Local villagers also described poor working conditions, including delayed salary payments, as well as being forced to cover the costs of purchasing safety equipment (such as safety boots, raincoats and gloves) and uniforms. Only one person interviewed described the overall strategy of the company as good, which in his perspective was that the company was “‘dragging’ people into the market cash economy.”
What is crucial for the findings is that community members rarely identified the company’s community development activities as a priority. The experience of community members and protestors is that land is avoided within the considerations of the company’s community development purview at all costs.
Finding #2 – Community consultation or deaf ears?
Secondly, in relation to the company CD strategy, the overwhelming findings were that, as one participant put it, “We attend meetings, but our requests fall on deaf ears.”
Again, the requests refer to on-going concerns related to land loss – that is, access to food-growing opportunities to avoid hunger. The establishment of consultation mechanisms appears to be a way of ‘managing’ communities, a particular technology of governmentality that deploys community development with the primary purpose of averting people’s anger, frustration and claims to do with land.
Finding #3 – The centrality of land to people – but not to GR’s community development
While there is a long history of dispossession from land now licensed to Green Resources, there are also recent accounts of forced relocation of homes and livelihood activities linked to expansion of the company’s plantation activities.
The eviction of people from land now licensed to Green Resources began prior to the arrival of the company, and was driven by broader national policies to clear the land to enable privatisation and commodification of natural resources. There are various accounts of eviction at both sites now licensed to the company that span at least four decades. At both sites, community members and local leaders recounted stories of people being ‘chased away’ and ‘thrown out’, thereby making way for private investors.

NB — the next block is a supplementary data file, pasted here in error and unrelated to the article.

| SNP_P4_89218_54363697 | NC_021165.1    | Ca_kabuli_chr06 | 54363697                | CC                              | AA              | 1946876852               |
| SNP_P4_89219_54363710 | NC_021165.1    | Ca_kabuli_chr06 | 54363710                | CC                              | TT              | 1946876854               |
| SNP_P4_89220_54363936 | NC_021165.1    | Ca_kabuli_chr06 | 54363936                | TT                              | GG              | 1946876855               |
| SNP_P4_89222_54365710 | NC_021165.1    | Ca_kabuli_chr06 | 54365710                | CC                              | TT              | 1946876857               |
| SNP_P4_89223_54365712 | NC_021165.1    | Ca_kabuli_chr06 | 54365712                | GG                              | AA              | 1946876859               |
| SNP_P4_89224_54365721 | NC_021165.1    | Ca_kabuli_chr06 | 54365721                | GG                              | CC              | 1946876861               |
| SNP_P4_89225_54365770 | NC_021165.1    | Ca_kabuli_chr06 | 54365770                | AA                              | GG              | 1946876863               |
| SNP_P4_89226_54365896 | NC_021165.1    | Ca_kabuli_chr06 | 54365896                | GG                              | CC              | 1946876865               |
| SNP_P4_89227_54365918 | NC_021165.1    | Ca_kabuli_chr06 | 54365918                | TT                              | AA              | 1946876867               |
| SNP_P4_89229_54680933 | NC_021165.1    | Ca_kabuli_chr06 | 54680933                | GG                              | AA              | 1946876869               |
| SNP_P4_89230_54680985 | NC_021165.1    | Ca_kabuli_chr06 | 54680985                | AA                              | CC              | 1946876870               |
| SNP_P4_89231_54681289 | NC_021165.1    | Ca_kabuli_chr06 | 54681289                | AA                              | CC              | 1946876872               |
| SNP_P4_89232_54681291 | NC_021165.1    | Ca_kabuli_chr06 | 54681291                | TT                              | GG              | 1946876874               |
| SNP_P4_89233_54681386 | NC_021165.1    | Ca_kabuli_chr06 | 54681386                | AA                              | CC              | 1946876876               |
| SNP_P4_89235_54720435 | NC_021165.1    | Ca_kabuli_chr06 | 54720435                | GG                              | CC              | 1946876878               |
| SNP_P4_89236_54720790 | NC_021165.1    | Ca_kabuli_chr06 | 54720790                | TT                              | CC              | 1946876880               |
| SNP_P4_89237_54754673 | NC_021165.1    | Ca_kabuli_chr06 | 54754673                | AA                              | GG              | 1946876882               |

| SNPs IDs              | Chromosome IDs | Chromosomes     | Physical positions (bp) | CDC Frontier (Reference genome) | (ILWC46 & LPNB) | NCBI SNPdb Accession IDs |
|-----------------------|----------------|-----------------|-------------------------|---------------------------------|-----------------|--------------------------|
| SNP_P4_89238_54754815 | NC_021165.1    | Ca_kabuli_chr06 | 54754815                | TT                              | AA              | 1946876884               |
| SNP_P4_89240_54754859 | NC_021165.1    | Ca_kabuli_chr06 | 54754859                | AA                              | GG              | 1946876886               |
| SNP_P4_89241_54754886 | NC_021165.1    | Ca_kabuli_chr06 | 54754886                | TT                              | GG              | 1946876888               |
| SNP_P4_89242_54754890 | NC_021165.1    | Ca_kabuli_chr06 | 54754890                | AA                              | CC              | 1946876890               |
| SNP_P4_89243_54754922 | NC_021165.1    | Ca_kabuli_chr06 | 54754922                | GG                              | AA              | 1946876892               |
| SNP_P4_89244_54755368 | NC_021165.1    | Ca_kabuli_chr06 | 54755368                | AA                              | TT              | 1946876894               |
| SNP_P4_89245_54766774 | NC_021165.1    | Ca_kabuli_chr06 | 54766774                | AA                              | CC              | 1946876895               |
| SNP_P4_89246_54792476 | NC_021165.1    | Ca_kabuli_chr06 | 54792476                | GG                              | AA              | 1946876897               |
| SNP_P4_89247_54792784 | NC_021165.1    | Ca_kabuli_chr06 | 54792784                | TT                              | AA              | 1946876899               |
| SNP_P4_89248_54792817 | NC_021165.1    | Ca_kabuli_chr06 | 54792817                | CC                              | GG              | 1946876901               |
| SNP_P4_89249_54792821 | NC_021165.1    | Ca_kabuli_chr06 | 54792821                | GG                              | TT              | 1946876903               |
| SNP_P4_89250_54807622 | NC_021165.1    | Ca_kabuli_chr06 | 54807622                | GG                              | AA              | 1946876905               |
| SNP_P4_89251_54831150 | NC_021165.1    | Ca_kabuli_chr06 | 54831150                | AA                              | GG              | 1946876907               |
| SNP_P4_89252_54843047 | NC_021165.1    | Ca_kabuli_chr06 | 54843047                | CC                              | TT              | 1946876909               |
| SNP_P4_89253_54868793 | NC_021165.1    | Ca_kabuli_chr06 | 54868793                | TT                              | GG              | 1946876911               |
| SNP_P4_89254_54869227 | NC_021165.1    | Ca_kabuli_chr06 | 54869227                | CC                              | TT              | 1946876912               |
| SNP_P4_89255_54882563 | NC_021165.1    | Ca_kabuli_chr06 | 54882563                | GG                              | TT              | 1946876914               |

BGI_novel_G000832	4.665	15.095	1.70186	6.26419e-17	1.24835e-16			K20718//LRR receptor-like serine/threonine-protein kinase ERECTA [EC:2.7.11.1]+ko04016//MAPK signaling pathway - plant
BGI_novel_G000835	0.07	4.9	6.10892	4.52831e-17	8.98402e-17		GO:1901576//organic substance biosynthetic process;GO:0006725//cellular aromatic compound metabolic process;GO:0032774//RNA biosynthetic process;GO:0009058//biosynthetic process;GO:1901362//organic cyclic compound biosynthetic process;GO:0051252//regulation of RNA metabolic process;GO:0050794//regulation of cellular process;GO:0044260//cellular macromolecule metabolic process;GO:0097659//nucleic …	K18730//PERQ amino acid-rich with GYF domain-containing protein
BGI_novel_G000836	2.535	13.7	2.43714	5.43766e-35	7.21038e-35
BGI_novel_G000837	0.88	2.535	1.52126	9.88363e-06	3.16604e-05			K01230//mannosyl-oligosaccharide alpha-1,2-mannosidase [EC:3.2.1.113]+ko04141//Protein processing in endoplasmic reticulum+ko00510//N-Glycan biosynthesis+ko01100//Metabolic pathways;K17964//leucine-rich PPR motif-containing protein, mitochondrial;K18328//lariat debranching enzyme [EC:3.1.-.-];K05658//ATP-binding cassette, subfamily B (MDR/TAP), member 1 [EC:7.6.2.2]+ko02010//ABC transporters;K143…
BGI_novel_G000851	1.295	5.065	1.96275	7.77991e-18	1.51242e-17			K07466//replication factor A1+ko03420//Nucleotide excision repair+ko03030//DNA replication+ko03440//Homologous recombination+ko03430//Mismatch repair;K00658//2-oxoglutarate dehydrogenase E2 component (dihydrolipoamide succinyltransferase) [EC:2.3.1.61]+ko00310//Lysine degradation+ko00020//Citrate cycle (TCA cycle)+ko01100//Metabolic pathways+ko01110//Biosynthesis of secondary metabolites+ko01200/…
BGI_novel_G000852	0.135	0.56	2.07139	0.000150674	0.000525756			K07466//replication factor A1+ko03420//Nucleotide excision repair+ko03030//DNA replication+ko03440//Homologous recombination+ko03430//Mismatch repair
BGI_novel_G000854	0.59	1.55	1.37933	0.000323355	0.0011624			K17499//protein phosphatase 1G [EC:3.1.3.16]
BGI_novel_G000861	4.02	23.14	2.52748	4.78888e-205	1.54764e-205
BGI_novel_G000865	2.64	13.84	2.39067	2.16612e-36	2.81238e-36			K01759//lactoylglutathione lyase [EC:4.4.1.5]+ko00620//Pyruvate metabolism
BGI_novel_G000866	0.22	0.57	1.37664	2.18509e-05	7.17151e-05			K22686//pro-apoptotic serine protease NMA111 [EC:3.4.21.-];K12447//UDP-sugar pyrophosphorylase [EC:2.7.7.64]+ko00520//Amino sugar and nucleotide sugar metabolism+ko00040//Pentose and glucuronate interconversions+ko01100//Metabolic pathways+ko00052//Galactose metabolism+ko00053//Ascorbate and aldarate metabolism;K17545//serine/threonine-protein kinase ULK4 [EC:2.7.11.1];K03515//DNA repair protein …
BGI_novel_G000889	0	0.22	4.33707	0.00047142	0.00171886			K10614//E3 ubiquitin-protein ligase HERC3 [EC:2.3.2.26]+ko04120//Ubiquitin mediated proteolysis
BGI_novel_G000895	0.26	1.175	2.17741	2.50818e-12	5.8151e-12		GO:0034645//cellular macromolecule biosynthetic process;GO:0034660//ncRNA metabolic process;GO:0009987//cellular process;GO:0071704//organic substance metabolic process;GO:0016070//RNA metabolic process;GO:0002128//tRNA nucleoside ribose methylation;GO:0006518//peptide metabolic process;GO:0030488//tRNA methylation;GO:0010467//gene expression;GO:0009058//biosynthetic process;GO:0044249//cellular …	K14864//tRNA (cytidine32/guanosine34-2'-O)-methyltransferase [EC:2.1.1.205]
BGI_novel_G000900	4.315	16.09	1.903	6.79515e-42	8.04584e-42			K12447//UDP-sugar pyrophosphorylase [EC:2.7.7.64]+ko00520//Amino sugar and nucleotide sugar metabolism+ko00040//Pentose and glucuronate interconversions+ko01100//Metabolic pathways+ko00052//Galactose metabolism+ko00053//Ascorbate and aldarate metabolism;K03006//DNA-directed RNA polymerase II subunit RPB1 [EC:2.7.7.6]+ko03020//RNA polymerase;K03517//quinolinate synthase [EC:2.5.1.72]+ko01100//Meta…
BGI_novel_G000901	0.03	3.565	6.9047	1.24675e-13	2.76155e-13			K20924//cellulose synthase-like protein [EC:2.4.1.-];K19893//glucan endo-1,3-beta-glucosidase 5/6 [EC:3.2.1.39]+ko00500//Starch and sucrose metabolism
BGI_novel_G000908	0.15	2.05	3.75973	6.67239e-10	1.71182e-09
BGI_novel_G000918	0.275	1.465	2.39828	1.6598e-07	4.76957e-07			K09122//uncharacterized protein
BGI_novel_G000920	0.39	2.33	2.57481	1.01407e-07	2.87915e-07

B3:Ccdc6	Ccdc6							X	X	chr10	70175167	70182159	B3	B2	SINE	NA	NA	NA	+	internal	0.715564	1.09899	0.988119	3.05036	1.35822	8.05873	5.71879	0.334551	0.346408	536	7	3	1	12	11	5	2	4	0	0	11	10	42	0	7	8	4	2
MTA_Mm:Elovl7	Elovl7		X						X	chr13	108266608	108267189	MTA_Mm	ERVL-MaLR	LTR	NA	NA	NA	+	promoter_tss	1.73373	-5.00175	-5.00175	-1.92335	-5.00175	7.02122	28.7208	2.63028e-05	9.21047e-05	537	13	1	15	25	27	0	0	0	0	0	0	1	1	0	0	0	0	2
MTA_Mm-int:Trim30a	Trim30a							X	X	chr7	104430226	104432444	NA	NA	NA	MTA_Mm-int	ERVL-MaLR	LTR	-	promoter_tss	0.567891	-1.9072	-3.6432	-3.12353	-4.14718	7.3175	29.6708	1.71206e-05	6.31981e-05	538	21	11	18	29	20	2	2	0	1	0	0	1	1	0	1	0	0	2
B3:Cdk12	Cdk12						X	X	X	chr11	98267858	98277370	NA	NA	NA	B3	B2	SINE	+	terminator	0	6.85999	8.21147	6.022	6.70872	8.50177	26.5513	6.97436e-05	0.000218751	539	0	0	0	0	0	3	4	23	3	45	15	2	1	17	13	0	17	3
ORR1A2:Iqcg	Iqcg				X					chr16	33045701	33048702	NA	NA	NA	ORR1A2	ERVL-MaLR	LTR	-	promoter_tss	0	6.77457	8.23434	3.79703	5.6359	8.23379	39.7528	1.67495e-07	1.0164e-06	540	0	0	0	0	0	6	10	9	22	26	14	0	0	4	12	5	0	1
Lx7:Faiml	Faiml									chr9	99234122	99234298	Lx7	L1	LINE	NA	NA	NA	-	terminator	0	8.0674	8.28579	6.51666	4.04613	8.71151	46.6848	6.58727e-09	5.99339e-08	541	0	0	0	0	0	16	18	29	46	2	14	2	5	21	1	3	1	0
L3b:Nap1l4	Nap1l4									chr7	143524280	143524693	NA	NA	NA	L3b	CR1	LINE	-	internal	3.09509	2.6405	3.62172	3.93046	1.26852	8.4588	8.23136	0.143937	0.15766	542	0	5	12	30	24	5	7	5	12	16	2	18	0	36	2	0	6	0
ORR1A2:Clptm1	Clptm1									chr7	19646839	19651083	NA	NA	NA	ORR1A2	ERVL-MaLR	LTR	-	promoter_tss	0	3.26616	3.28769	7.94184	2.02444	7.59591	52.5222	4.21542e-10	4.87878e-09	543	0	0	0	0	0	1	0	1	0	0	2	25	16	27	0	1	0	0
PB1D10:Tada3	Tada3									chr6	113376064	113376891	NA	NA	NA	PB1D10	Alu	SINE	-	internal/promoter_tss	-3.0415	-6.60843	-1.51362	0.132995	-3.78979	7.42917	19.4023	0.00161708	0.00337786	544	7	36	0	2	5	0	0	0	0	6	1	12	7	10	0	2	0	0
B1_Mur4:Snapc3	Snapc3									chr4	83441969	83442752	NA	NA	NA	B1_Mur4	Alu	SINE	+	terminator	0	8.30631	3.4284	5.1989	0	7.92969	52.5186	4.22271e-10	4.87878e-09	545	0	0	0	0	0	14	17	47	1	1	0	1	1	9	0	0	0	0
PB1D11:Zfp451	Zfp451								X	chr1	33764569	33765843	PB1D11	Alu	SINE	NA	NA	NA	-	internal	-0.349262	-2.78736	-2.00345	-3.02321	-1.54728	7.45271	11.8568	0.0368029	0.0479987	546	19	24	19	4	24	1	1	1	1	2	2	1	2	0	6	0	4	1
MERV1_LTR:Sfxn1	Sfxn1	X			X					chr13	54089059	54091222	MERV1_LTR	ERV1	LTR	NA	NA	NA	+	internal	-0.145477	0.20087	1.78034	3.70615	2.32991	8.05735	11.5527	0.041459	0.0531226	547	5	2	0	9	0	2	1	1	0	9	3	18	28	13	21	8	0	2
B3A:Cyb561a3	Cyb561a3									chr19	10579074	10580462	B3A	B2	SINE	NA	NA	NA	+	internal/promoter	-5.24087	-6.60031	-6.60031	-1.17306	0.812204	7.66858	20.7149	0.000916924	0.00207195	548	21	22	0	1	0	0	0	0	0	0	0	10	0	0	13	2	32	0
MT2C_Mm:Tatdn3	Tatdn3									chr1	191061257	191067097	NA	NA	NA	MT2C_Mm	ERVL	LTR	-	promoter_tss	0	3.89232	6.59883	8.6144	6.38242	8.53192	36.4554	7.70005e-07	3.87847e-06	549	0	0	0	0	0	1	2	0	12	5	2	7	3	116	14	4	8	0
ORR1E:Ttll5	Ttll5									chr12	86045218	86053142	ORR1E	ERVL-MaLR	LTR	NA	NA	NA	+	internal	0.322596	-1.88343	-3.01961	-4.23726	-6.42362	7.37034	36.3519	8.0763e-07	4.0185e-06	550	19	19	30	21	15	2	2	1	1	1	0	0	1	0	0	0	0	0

Some villagers described the forced relocation of livelihood activities – including agriculture and grazing – as the company expanded its tree planting areas. Community members from one village described how company staff arrived, without notice, and “just starting to plant trees on top of our crops… we were evicted without discussion.” This expansion has intensified what local villagers describe as acute shortages of land for food growing in each region.
In the context of these land issues, local villagers expressed a range of emotions and responses. These included frustration and despair – particularly in relation to the company’s perceived insensitivity to their livelihood needs – through to deep concern that community members were soon going to ‘take matters into their own hands’ as they lost trust in agreements made, but not adhered to, by the company. People described a potentially explosive future, with people saying such things as, “We would rather die in jail fighting for land, than die of hunger.”
Discussion – so, what to make of this?
The findings indicate that the practices of Green Resources’ community development work are being primarily shaped by the aspirations and constraints of the company’s agendas, not those of the villages. In a sense the kind of community development deployed by the company reflects (referring to my earlier comments) what has historically been understood as a social guidance tradition or consensus model whereby the company leads the analyses of what interventions are prioritised.
Within this frame, community development can be seen as becoming a social technology to validate preconceived policy, or in the case of Green Resources, preconceived programme activities. The market context, which ultimately shapes Green Resources’ work, and the complexities of power differentials and diverse community needs are ignored as the community development approach engages in its strategy.
What I am describing here is a paradox in climate governance. On the one hand the climate governance mechanisms seek to ‘protect’ forestry plantations from activities that might disrupt carbon capture. At the same time, however, this often comes at a profound cost to local communities. And yet the governance mechanisms themselves are ill equipped to detect and respond to, so as to remedy these impacts. Indeed, the enclosure of landscapes away from livelihood activities is an intended outcome of carbon governance; yet it is this very trend that is driving social, economic and ecological disruption.